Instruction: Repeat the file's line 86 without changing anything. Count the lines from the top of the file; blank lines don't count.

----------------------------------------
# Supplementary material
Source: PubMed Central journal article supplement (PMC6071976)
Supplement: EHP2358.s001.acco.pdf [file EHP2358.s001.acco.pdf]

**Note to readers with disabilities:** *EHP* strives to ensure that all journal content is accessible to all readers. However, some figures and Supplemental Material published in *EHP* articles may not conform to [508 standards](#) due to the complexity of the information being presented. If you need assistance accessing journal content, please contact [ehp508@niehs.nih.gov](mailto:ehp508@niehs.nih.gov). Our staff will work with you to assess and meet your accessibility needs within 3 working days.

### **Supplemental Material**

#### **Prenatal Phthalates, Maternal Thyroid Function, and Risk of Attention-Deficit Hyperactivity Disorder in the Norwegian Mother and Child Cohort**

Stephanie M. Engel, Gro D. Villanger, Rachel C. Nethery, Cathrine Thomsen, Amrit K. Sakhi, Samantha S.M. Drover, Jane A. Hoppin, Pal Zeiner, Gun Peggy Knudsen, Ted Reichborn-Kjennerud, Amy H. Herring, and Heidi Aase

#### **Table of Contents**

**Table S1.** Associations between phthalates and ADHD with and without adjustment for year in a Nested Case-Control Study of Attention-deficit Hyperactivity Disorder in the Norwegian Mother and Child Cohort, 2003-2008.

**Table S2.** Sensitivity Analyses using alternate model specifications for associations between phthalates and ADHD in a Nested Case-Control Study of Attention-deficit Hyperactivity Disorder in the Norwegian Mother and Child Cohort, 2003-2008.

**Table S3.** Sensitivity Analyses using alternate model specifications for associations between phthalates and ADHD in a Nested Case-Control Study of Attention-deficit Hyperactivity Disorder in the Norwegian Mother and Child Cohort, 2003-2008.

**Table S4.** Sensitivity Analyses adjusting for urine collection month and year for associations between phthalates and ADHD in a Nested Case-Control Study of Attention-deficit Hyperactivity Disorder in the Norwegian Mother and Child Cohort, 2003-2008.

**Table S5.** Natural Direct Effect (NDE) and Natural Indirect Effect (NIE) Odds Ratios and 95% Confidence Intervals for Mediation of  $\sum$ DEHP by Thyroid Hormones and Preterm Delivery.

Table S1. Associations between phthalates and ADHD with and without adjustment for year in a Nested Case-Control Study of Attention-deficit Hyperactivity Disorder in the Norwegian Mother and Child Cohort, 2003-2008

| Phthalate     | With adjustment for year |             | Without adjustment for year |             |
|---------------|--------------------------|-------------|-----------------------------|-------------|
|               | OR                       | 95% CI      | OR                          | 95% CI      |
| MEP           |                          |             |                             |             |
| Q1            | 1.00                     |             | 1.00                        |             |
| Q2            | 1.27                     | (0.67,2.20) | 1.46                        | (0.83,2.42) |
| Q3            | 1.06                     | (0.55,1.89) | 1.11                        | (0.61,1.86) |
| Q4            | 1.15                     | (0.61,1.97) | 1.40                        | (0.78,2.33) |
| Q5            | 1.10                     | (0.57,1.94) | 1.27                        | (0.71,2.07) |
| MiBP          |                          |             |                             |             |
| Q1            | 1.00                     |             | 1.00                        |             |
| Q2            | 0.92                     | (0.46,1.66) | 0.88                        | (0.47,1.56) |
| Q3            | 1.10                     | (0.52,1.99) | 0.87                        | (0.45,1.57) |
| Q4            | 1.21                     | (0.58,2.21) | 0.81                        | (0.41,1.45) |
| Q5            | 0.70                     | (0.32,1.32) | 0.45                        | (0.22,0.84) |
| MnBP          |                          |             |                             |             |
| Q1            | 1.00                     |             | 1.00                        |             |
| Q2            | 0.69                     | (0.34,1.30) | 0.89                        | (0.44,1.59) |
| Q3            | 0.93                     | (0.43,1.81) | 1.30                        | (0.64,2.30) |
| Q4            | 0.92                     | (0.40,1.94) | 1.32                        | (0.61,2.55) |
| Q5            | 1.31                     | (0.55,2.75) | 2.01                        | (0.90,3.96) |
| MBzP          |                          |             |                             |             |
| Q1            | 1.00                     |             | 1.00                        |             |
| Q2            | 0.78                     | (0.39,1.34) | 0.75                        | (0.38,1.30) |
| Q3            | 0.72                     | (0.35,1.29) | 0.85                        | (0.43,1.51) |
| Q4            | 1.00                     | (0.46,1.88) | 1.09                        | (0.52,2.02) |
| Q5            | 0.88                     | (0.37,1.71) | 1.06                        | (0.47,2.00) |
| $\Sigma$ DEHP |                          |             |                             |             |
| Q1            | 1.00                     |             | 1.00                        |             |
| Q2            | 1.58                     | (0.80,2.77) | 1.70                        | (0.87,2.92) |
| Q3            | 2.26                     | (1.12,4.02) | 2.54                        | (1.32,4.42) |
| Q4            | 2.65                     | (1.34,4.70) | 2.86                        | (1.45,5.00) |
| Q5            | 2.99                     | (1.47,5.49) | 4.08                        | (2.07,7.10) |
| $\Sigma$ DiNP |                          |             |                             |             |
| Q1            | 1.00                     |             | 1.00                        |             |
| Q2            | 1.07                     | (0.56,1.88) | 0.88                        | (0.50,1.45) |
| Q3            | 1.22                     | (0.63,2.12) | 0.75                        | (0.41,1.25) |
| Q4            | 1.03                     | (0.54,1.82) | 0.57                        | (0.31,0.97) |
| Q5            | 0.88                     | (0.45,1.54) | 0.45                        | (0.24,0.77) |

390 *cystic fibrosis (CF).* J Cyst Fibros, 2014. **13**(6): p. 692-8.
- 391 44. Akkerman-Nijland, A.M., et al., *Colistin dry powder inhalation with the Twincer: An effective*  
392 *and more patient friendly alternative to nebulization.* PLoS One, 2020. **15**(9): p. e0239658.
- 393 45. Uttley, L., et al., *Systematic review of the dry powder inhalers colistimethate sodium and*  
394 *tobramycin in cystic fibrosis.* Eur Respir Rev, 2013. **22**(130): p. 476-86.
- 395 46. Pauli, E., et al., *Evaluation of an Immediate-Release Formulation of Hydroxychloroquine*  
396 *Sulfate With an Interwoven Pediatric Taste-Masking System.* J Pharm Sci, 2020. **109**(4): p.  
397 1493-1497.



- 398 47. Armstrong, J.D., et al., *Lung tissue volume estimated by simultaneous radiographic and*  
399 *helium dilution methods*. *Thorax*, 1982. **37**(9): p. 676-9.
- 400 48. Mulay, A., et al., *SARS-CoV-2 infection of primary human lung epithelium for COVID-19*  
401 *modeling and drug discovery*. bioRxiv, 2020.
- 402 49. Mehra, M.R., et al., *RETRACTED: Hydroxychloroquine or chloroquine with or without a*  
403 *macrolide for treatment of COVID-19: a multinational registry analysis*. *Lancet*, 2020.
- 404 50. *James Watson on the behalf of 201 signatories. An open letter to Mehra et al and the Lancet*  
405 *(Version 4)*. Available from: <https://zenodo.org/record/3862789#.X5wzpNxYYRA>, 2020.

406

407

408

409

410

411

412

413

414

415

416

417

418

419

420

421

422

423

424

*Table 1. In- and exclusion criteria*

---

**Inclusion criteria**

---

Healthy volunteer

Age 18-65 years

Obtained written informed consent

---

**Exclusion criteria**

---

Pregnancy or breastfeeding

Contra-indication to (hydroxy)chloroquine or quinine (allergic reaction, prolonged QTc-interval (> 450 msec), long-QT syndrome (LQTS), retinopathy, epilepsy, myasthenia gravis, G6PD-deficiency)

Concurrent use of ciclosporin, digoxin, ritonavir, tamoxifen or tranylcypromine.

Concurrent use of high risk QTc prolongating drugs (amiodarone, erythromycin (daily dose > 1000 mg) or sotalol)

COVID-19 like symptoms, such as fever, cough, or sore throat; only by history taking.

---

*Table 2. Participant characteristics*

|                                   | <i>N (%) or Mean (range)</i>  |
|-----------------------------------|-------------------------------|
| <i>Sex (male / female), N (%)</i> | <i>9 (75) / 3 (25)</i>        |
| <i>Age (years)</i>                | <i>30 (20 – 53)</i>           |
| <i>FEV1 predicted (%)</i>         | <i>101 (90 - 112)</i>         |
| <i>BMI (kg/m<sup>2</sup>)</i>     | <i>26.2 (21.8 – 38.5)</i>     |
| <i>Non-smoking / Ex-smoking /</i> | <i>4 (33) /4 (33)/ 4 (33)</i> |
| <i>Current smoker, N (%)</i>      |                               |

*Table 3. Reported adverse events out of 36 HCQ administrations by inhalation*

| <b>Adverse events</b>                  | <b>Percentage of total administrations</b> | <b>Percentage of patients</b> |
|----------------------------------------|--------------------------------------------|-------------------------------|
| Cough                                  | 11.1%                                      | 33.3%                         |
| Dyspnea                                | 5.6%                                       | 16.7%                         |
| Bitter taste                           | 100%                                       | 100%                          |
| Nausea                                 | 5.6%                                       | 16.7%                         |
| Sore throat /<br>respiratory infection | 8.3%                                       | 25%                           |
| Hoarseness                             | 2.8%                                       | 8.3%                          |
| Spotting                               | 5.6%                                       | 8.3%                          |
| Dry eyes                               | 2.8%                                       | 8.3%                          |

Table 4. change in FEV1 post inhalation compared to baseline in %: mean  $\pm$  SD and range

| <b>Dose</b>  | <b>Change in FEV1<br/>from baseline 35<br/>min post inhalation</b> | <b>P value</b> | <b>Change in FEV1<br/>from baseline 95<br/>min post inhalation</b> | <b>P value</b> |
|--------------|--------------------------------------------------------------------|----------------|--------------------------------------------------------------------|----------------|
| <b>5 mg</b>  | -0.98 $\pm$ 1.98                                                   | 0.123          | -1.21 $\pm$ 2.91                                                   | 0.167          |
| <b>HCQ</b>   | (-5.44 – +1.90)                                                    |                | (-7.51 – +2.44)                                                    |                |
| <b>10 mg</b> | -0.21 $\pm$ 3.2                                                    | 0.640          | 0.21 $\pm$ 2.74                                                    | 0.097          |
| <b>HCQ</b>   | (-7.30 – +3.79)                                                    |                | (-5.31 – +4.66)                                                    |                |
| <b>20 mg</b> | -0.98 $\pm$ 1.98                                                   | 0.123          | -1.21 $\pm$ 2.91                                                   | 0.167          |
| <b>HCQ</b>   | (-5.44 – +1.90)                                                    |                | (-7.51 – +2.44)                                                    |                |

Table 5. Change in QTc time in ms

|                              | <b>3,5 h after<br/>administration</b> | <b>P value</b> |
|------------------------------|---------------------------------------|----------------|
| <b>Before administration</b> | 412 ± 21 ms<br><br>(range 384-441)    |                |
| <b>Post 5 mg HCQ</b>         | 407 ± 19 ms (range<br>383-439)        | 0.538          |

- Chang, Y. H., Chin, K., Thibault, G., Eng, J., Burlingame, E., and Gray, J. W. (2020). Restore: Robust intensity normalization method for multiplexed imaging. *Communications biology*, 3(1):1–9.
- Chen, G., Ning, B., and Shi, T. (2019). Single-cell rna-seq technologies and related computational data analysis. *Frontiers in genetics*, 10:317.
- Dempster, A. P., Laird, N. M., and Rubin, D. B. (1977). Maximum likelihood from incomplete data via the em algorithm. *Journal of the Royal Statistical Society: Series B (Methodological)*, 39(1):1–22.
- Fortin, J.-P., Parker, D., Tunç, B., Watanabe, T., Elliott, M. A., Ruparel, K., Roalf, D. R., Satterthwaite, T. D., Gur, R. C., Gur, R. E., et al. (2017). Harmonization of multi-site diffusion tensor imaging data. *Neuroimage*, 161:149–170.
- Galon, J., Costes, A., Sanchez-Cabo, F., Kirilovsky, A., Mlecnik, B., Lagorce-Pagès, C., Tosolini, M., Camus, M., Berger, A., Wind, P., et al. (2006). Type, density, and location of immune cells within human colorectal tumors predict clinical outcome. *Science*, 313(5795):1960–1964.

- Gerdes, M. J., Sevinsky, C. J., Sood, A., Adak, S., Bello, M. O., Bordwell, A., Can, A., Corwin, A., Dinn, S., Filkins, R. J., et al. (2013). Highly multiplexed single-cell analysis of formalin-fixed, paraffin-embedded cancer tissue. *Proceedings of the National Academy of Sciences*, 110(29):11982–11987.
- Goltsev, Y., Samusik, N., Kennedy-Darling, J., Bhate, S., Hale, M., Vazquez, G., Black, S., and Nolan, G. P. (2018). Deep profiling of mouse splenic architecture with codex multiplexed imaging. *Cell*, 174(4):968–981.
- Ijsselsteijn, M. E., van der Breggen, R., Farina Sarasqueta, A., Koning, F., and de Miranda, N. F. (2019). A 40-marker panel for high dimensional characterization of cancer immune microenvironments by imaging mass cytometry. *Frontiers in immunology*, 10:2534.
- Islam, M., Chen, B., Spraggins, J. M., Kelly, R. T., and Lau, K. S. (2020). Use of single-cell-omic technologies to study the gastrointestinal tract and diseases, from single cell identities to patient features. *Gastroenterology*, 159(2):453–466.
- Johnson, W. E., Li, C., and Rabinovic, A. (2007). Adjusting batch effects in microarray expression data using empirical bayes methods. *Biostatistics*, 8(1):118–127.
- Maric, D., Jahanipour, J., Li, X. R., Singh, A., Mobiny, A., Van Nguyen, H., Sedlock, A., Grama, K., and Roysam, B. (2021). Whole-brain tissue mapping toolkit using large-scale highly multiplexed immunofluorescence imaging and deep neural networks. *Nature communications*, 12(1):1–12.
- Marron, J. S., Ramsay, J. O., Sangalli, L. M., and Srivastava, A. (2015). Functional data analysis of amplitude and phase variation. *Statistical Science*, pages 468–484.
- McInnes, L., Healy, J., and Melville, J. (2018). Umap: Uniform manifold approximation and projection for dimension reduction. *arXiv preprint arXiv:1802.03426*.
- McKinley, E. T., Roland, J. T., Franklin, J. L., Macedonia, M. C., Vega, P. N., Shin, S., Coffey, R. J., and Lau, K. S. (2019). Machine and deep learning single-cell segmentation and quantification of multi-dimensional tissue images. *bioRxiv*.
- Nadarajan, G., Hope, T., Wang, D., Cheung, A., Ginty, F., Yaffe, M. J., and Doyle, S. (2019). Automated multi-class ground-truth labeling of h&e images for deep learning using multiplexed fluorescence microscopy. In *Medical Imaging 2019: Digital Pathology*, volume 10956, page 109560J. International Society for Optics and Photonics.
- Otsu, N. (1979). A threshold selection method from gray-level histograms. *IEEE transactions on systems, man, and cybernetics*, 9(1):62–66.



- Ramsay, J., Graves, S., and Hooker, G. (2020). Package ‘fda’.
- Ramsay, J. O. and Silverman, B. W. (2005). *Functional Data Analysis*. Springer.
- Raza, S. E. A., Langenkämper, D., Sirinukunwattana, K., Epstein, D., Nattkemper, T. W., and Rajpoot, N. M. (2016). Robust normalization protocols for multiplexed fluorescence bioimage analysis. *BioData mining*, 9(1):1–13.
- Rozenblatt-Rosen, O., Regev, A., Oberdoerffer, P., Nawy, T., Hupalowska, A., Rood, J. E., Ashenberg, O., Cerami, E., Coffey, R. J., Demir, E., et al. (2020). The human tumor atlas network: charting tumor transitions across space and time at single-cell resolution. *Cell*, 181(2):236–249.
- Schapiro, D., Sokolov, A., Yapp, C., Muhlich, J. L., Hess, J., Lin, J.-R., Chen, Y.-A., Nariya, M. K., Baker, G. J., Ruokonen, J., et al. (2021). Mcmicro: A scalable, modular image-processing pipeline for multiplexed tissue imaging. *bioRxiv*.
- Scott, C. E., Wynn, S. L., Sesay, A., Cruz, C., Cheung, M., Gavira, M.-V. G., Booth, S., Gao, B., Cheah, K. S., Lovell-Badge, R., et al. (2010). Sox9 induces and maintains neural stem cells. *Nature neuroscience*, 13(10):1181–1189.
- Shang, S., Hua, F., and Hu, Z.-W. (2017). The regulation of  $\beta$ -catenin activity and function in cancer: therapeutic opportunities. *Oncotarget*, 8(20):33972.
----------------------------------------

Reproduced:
422